The reason why there are so many nontransparent joint stock ventures in the Czech Republic is dual. Firstly, paper shares in most of the advanced countries were converted in the past years to book shares to avoid the soaring costs of transfers and to achieve greater security and better options of faster transactions (***). However, the trend in the Czech Republic was reversed: book shares were transformed into paper shares, because the booking was provided by the state-run Securities Centre until 2010 in an inadequate, long-drawn-out and bureaucratic manner, charging steep fees. Paradoxically, unlike in all the other advanced economies, the modern system of book shares yielded in the Czech Republic to the outmoded practice of paper securities.
Secondly, although share booking has been enabled since 2010 in the Czech Republic due to a sophisticated system, operated by a private central depository, many out-of-the-stock-market companies still regard it as too costly and unduly complicated. For reasons defying sober judgement, the Czech Republic does not permit the parallel existence of constructive shares. Brokering shares means depositing (immobilizing) paper shares in banks. The banks will convert such securities into an electronic form and deposit them onto securities accounts. Such shares are then transferred "account to account" similarly as cashless transfers. This alternative system of constructive shares is less costly, enables the same level of shareholder traceability as the book share system, and has been successfully applied by many countries (see the situation regarding shares in selected countries in the table above).
(***) Unlike paper shares, the book shares cannot be doctored, lost, destroyed or stolen. Transferring them does not require physical transfer of written documents from one place to another and recording legally required data to be written into the documents. Book shares can be transferred cashless from account to account, just like ordinary money.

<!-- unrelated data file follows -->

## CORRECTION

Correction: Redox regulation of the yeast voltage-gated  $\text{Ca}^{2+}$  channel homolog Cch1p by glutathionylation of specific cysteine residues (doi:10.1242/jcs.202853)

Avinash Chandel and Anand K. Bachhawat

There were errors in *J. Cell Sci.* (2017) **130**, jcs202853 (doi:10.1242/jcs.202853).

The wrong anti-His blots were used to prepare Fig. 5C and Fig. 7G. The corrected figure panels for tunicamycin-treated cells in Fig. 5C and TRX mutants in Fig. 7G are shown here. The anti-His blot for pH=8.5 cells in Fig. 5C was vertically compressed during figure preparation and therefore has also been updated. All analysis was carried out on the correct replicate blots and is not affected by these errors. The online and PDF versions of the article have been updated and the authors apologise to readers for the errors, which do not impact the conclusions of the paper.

5. How to resolve the anonymous paper share quandary in the Czech Republic?
- Incorporate book shares in the current central depository system, or
- Convert paper shares to the addressee into constructive shares (deposit paper shares in the bank and transfer them onto a securities account so they can be transferred from account to account)
6. Would the introduction of the same legal environment as in Austria and Germany—as noted by Prime Minister Nečas at June's Tenth Zlatá Koruna Forum—help resolve the problem with anonymous paper shares?
Prime Minister Nečas told the Tenth Zlatá Koruna Forum that his cabinet was intent on creating the same legal environment for paper shares in his country as that in Austria and Germany (***).
It would be amply sufficient for the Czech government to table a solution, similar to that presented by the Austrian government to parliament on 15 June 2011. The Austrian cabinet has proposed complete abolition of paper shares addressed to the bearer (holder) and converting them to either nominal shares or book (constructive) shares.
The Chairman of the Board of Trustees of the Anticorruption Endowment (NFPK), Karel Janeček, therefore sent a letter of greetings to Prime Minister Nečas, on 13 July 2011, in which he welcomed an important step towards combating corruption and improving the transparency of the business environment of the Czech Republic.
- PhD thesis of Mgr. Ondřej Vondráček, Ph.D., LL.M: "Constructive Possession of Securities", Faculty of Law, Charles University in Prague, 2010. The Anticorruption Endowment supported the publication of this PhD thesis in book form.
- Papers by Mgr. Ondřej Vondráček, Ph.D., LL.M, written in the course of his doctoral studies at the Faculty of Law of Charles University in Prague (updated).
- European Commission – Legal Certainty Group. EU Clearing and Settlement Questionnaire), MARKT/G2/MNCT D(2005), 24 April 2006
- ECB Market Analysis of Shareholder Transparency Regimes in Europe, 11 February 2011